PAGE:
Unfortunately, most of the supporting characters in Sanditon feel largely forgettable, with a couple of notable exceptions I’ll get to in a moment. As much as I generally like Kris Marshall, Tom Parker is an idiot whose grand financial schemes seem to involve little more than sucking up to the town’s rich widow. I don’t know if he’s the person to lead Sanditon into the entrepreneurial age, is what I’m saying.
Creepy step-siblings Edward and Esther and their bizarre sexual tension seem to have wandered in from a V.C. Andrews novel, and as much as I want to root for Lady Dehnam’s poor relation Clara, her bland, sticklike personality isn’t helping things much. Here’s hoping the fact that these three are clearly involved in Sanditon’s wildest, soapiest plot will eventually at least make their interactions fun to watch.
And then there’s Sidney Parker. The character has a few things going for him, beyond the obvious easy-on-the-eyes factor. I’ve loved Theo James for forever, and I’m always a sucker for a Darcy-type with a messy past. He’s so obviously meant to be with Charlotte that the bit where he tells her precisely how little he thinks of her feels kind of like a waste of time, yet I still find myself into it anyway. I’m weak, I tell you. WEAK.
The other truly intriguing aspect of Sanditon is its introduction of Georgiana Lambe, a wealthy bi-racial heiress from the West Indies, who is (somehow?) Sidney’s ward. Georgiana is, by the way, a genuine Austen creation and the author’s first black character, which seems to indicate that the she may have something to say about the lives of people of color in Regency England. Alas, we can’t know for sure.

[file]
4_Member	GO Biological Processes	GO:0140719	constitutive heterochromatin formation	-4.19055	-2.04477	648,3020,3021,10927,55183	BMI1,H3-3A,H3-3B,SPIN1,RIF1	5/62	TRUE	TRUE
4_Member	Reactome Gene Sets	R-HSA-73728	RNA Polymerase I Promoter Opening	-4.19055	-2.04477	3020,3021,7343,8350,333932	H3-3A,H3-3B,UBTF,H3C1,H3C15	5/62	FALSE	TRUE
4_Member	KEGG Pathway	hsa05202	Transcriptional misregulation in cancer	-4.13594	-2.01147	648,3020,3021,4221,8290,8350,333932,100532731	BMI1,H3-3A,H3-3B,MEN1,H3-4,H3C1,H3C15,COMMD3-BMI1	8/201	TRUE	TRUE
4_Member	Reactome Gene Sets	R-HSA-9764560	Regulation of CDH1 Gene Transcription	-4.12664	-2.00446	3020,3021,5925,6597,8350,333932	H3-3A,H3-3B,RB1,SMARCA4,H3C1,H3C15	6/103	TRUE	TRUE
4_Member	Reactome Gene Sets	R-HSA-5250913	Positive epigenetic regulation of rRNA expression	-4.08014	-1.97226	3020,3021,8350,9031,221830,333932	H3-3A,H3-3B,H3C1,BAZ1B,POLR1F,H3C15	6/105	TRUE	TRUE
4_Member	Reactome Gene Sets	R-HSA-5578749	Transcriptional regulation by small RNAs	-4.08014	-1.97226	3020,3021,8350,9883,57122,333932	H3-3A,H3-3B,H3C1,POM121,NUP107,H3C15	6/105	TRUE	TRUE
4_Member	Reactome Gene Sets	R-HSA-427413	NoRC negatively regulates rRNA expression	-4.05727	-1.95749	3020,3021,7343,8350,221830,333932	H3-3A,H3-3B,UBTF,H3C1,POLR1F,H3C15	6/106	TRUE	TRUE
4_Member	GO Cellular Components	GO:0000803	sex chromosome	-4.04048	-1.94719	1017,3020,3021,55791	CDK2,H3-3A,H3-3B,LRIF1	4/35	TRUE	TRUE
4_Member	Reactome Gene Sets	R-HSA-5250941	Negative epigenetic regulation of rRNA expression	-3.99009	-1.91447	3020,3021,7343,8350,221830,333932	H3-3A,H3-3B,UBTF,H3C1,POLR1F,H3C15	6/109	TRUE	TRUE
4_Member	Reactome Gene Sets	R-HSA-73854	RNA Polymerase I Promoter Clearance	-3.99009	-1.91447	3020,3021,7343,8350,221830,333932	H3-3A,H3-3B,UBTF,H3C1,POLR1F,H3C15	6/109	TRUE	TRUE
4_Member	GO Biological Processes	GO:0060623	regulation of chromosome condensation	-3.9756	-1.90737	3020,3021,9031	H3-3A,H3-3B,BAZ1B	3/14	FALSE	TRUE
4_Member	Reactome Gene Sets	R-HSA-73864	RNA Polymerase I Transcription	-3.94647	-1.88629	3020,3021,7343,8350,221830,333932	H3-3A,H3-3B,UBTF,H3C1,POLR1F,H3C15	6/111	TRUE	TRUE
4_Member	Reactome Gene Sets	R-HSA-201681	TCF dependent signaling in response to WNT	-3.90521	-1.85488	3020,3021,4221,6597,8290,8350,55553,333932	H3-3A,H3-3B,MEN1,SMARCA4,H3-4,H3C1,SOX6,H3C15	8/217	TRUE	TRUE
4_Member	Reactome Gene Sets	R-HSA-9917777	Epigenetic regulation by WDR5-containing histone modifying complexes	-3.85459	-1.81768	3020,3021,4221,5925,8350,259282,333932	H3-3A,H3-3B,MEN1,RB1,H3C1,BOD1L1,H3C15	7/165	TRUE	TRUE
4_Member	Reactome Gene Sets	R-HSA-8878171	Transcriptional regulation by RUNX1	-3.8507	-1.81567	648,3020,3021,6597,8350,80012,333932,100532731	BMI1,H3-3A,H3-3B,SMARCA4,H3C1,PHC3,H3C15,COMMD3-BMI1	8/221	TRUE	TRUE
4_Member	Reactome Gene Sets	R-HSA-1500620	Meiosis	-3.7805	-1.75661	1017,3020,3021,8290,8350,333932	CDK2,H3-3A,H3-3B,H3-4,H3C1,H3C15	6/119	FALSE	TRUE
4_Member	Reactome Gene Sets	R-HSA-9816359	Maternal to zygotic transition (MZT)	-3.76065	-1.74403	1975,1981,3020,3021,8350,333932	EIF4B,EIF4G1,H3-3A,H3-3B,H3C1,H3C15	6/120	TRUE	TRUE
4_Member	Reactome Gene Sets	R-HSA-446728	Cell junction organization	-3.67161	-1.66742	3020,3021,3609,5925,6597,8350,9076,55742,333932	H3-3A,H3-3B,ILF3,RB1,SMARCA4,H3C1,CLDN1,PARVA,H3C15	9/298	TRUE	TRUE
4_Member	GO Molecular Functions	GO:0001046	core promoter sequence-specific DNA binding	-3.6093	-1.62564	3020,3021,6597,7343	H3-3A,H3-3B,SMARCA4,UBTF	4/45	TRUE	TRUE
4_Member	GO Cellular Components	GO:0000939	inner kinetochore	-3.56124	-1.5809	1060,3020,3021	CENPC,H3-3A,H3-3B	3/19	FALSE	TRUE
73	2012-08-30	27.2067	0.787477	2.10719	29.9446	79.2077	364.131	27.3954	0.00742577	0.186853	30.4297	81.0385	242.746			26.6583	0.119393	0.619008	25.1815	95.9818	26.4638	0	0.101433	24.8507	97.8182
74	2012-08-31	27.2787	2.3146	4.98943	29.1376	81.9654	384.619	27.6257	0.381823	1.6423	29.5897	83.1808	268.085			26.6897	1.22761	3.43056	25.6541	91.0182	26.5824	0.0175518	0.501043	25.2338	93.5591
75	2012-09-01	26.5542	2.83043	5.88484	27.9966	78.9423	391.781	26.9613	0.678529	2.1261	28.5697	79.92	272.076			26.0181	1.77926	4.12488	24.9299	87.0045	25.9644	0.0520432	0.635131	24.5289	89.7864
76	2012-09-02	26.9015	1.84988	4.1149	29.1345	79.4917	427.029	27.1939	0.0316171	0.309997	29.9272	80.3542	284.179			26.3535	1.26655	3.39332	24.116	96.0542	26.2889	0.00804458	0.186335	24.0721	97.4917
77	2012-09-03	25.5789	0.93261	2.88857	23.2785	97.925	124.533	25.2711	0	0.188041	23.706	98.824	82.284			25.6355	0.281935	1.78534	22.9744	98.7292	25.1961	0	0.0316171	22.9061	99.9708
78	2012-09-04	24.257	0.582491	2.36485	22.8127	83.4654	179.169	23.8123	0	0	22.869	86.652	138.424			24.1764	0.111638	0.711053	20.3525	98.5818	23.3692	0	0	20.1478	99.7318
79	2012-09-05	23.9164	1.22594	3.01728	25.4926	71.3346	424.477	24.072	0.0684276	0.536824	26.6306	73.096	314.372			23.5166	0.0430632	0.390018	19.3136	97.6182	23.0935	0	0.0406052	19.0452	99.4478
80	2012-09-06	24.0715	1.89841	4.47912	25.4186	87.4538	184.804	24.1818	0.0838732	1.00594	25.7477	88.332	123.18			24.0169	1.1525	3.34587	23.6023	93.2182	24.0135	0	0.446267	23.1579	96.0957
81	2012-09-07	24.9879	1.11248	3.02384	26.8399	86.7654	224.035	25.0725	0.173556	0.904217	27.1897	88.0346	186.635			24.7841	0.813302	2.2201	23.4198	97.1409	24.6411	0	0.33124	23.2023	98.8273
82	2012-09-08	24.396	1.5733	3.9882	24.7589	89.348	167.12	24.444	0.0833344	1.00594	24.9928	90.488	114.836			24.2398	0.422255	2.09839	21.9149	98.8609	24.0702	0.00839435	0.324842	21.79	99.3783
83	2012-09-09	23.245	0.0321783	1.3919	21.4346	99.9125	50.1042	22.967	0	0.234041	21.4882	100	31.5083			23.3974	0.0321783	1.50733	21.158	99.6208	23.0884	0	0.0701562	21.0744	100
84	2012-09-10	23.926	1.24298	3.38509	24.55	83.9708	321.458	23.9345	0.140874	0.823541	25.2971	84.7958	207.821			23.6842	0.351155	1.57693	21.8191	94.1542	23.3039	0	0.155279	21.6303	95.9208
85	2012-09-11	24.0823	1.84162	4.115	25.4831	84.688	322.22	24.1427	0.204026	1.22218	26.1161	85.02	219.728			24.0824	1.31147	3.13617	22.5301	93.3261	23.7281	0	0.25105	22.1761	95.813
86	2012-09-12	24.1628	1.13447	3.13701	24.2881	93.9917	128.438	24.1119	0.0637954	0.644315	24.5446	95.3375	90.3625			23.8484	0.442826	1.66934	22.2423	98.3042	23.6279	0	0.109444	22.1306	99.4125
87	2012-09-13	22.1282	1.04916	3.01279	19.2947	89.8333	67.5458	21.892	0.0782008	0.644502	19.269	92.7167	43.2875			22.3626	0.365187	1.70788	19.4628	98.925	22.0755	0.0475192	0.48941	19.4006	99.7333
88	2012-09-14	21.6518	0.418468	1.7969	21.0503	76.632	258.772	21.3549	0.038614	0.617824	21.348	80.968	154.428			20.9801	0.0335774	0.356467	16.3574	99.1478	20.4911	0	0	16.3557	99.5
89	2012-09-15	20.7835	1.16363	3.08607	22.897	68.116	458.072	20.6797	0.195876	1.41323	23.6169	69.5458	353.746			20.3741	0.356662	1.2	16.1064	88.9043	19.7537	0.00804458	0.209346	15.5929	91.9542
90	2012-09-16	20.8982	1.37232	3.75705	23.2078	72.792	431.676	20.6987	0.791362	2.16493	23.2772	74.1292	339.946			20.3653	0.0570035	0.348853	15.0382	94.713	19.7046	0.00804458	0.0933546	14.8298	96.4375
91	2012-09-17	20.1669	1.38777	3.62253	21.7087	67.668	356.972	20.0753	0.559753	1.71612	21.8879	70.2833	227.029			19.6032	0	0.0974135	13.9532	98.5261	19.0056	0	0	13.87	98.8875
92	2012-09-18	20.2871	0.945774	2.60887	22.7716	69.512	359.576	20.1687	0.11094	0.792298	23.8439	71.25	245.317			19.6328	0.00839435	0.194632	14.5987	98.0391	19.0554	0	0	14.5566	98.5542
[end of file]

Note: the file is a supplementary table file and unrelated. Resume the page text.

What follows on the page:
Still, Sanditon’s first two episodes take Georgiana seriously, showing us her struggle to live in a world which clearly considers her both someone to be envied for her wealth and an oddity to be gawked at, as well the very real racism she experiences at the hands of some of Sanditon’s elite. Though these scenes – especially the luncheon party at Lady Denham’s - are deeply uncomfortable to watch, there is something satisfying and necessary about the fact that the show doesn’t flinch from confronting them. Georgiana’s race and experience, at least thus far, are treated as legitimate plot points rather than window dressing.
The same, unfortunately, cannot be said for the addition of such overt sexual references. The decision to sex up Jane Austen probably made sense to someone on paper, and admittedly, it does add a certain modern frisson to the story. After all, Sanditon is set in tumultuous times, when the world was changing and Britain along with it. But for me, raised on the 90s Pride and Prejudice and Sense and Sensibility, in which holding hands was basically as good as wedding vows, it simply feels wildly un-Austenish. And, what’s worse, it’s not clear what any of it adds to the story in these first two episodes.
I mean, we already knew that Charlotte was a bit naïve and that Edward was a garbage human, so I’m not sure what the addition of his blatant forest hookup with Clara, his Flowers in the Attic vibes with his stepsister or the hordes of naked men running around comparing equipment really brought to the table, other than a bit of salacious shock value. Are we really looking to Jane Austen for that kind of thing? I’m not, and at various times it honestly distracted me from the larger story the show was trying to tell.
What did you think of the first two episodes of Sanditon? Let’s discuss.